Real Estate Bubble Reason 2: Mortgage Interest Rates
Continuously increasing price-to-rent ratios can only be justified by historically low mortgage interest rates (according to UBS). Over the last +10 years, central banks around the world have been lowering interest rates to 0% in order to boost the economy.
During the time of 0% interest, investors were looking for profitable investments as savings accounts and fixed-term savings accounts returned almost no profit. Therefore driving up prices of stocks (e.g. REITs), ETFs, and real estate (crowdfunding).
In early 2022, central banks started to raise their interest rates again (and mortgage rates with it). The current realistic mortgage rate in Germany can be seen in the table below:
Rising interest rates are not beneficial for real estate investors, UBS is certainly right here. But mortgage rates are no isolated factor that is detached from other factors that influence real estate prices:
- What are alternative investments?
- How are (real) incomes developing?
- How high is the inflation rate?
When adjusting for inflation, property prices developed as seen in the chart on the right. Even though real estate valuations increased in Frankfurt and Munich on a nominal basis, real property prices fell in both cities when adjusted for inflation.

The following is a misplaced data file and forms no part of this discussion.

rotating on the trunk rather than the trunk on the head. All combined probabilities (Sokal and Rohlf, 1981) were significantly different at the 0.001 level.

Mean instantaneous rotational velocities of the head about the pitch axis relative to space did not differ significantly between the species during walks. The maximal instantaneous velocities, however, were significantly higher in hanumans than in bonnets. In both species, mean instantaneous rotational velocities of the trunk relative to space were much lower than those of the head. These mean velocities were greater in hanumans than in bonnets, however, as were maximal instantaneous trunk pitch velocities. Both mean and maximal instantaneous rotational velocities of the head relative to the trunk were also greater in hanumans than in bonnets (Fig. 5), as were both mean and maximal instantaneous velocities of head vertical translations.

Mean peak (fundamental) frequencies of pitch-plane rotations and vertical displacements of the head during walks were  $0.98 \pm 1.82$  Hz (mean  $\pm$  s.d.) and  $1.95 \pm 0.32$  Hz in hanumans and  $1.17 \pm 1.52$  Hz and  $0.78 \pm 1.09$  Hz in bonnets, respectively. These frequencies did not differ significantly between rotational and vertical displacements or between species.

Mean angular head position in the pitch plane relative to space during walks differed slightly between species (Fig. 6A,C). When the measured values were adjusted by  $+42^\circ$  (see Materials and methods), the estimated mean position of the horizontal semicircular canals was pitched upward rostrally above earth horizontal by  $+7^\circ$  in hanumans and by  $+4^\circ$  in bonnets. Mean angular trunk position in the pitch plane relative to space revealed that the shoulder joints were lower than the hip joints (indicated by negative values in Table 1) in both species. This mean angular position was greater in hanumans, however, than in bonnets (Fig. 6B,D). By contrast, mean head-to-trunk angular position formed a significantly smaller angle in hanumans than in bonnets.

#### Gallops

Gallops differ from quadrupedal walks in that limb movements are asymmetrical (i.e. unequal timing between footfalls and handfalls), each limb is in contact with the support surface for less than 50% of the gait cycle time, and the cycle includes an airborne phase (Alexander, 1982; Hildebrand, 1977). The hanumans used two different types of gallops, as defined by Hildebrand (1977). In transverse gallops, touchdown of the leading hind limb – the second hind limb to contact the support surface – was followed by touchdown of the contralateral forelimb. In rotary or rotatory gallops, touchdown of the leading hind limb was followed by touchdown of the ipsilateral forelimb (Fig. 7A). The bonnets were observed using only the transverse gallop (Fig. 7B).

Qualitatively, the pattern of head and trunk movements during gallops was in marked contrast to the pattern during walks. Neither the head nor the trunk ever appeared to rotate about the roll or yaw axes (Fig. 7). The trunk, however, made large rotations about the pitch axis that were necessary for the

Frankfurt Real Estate Bubble Index
One of the 7 A-class cities in Germany even got its own page in the UBS global real estate bubble risk index: Frankfurt. UBS is seeing a high risk of a bursting bubble here and titles the page “Slowdown in the making.”
The annual growth chart of property prices in the middle of the page shows clearly that Frankfurt was the big winner of Brexit, as a lot of high-paying jobs in the finance sector moved from London to Frankfurt.
The growth chart that showed an almost 15% increase in property valuations in 2017, 2018, and 2019 slowed down significantly and is expected to be below the 20-year average growth rate of +5% in 2022.
UBS argues that the increase in property prices has to slow down at some point as rents did not keep up with property prices (as seen in the price-to-rent ratio above).
You can download the full global real estate bubble index report of 2022 on the website of UBS here in case you would like to dig deeper into the real estate bubble discussion yourself.
At the same time, UBS argues that property prices could rise even higher as vacancies are at an extremely low level in Frankfurt. The Swiss investment bank expects the housing shortage will resolve itself in the next years, which we are highly doubting given the low amount of living space Germany is actually creating (and has been creating over the last years).
That is why we are still confident that real estate will continue to be an exciting and profitable investment over the long term. If you share our opinion and want to invest in German real estate in the easiest way possible, then see what kind of real estate security tokens are currently available on our primary and secondary markets.